Rubus 'Bristol'
Common Name: raspberry 
Type: Fruit
Family: Rosaceae
Zone: 4 to 8
Height: 4.00 to 5.00 feet
Spread: 1.50 to 2.00 feet
Bloom Time: April to May
Bloom Description: White
Sun: Full sun to part shade
Water: Medium
Maintenance: Medium
Flower: Showy
Attracts: Birds, Butterflies
Fruit: Showy, Edible
Other: Thorns

Culture

Best grown in organically rich, slightly acidic, moist but well-drained soils in full sun to part shade. Intolerant of wet soils which can cause root rot. Prefers a loose textured soil. Raised beds should be considered in areas with heavy clay soils. Best fruiting generally occurs in climates with cool summers (high summer heat may stunt plants). Plants are self-fruitful. Canes of this summer-bearing cultivar are biennial, meaning that the summer fruit crop appears in the second year on old wood (vegetative canes that have overwintered from the prior year). Accordingly, each year, mature summer-bearing raspberries should be pruned as follows: (1) Remove canes that have fruited immediately after fruit is harvested, leaving the new vegetative (non-fruiting) canes to overwinter. Also remove at this time any non-fruiting canes that exhibit weakness or disease or are growing in strange directions. (2) In late winter, remove any canes damaged by winter and thin the remaining canes as needed, leaving only healthy, well-spaced canes. In addition, the height of all canes, or at least the longer ones, may be reduced at this time by up to 6” so as to remove the tips which produce the smallest fruit and to help the canes remain self-supporting (i.e., helps keep fruit off the ground).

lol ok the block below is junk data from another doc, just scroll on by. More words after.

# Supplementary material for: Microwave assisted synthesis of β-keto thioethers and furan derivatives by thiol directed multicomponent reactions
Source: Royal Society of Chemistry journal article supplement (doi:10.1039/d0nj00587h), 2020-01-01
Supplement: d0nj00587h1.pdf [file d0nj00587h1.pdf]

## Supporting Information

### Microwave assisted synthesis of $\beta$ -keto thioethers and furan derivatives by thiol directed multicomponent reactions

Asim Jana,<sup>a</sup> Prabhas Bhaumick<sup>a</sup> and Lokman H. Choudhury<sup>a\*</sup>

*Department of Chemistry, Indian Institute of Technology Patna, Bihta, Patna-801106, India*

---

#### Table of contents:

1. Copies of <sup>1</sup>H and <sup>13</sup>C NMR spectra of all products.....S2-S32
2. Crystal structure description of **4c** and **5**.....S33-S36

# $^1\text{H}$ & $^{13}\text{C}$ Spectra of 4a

Noteworthy Characteristics

Hybrid raspberries are grown primarily for their fruit.

Genus name is the Latin name for brambles (blackberry and raspberry).

‘Bristol’ (introduced in 1934) is a mid-season black raspberry cultivar that is noted for its excellent flavor. One berry crop each year is produced in early summer. Clusters of white, 5-petaled, rose-like flowers with yellow anthers bloom in spring (May). Flowers give way to an abundant crop of glossy, non-seedy black raspberries of excellent eating quality. Fruit matures in late June to early July in the St. Louis area. Berries may be eaten fresh or used in jams and jellies. Pinnate green leaves. Commercially, black raspberry production has declined in the eastern U.S. in large part because of disease susceptible cultivars and low fruit yields per acre. Black raspberries can be difficult to grow well in the State of Missouri as well as in areas south of Missouri.

Problems

Anthracnose, botrytis, spur blight, root rot, leaf spot and other fungal diseases can cause serious problems that may necessitate chemical treatments. Watch for verticillium and/or bluestem wilt and raspberry mosaic disease complex. Cane borers and crown bores are potentially serious insect pests. Aphids can be troublesome.

Garden Uses

Although the flowers are quite attractive, this raspberry is grown as a fruit crop and is generally not considered appropriate for ornamental use.